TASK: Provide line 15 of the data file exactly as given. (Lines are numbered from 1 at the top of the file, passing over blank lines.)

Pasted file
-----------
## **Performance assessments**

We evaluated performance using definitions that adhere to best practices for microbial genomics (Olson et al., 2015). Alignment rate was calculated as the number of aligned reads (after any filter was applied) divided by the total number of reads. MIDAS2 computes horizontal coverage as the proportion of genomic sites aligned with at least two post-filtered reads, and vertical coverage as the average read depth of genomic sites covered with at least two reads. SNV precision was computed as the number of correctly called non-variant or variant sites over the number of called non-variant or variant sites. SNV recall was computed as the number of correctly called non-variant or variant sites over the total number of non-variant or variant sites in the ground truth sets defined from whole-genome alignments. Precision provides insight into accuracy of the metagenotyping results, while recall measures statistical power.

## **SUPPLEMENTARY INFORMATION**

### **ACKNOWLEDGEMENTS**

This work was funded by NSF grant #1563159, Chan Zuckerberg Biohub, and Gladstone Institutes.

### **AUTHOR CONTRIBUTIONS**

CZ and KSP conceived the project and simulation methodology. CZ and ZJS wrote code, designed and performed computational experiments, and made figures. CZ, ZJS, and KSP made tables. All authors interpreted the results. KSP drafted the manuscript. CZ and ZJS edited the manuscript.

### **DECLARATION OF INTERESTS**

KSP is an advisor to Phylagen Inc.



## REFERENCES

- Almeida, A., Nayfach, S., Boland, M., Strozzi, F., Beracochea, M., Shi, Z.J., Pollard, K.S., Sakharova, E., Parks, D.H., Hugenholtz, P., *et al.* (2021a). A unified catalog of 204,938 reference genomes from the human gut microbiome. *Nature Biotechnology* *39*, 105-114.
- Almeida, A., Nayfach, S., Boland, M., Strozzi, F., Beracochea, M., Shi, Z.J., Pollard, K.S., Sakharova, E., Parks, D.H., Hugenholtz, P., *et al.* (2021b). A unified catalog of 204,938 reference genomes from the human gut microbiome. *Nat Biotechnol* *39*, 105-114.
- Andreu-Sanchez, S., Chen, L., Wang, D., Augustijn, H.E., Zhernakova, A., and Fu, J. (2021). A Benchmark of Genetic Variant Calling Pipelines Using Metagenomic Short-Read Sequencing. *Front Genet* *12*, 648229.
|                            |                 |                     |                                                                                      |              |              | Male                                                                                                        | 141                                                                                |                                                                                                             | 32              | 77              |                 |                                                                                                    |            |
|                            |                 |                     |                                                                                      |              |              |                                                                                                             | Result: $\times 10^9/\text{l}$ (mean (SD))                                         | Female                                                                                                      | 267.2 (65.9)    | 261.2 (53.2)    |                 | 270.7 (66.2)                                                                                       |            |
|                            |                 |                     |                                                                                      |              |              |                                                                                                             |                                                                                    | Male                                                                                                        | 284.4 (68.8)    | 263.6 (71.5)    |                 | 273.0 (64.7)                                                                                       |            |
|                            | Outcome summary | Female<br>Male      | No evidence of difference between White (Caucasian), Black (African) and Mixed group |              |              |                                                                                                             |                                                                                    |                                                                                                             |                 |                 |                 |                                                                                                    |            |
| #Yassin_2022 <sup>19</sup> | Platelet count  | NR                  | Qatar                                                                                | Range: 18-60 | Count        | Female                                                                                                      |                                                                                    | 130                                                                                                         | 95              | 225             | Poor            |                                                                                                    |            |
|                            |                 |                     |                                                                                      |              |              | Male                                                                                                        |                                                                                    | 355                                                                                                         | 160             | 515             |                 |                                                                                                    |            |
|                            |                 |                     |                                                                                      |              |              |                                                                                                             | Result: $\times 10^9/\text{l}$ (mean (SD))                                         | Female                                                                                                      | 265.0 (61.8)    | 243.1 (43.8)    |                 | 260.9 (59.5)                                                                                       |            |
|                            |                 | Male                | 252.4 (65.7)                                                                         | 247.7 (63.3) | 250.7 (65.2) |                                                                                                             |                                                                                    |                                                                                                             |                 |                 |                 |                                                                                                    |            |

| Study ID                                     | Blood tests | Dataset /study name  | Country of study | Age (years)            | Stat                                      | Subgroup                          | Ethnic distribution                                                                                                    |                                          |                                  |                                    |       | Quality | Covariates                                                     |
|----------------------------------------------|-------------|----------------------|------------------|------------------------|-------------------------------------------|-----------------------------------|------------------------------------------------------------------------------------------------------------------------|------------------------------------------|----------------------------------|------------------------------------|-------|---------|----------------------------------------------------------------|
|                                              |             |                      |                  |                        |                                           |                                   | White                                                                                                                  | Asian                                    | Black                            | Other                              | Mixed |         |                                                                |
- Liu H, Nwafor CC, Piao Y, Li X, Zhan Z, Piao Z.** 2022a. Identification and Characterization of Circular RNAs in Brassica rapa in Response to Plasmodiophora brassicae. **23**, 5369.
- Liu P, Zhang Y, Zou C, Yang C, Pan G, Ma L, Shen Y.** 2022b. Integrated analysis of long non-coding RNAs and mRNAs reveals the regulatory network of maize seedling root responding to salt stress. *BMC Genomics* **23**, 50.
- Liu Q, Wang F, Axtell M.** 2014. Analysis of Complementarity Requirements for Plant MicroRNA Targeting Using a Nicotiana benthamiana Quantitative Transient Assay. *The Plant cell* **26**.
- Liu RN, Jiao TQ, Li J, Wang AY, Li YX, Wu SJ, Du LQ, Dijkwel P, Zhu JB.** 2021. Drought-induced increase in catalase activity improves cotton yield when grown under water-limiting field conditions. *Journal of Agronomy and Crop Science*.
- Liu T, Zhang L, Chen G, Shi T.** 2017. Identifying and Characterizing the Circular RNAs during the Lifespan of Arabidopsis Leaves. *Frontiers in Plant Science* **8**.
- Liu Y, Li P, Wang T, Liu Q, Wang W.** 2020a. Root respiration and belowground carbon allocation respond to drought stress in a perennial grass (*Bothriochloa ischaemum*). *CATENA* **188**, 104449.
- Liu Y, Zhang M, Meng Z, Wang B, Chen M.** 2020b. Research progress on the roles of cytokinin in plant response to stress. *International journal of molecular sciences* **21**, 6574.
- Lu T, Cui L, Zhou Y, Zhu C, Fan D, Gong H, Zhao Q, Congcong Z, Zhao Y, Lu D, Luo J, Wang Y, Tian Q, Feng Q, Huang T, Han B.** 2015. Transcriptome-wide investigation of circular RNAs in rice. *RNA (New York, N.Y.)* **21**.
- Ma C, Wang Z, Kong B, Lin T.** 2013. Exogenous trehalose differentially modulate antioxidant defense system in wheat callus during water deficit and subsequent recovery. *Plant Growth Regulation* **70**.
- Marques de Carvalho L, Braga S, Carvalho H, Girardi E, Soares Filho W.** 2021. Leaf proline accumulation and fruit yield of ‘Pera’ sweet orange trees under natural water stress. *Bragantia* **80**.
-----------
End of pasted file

|                            |                 |                     |                                                                                      |              |              |                                                                                                             | Result: $\times 10^9/\text{l}$ (mean (SD))                                         | Female                                                                                                      | 267.2 (65.9)    | 261.2 (53.2)    |                 | 270.7 (66.2)                                                                                       |            |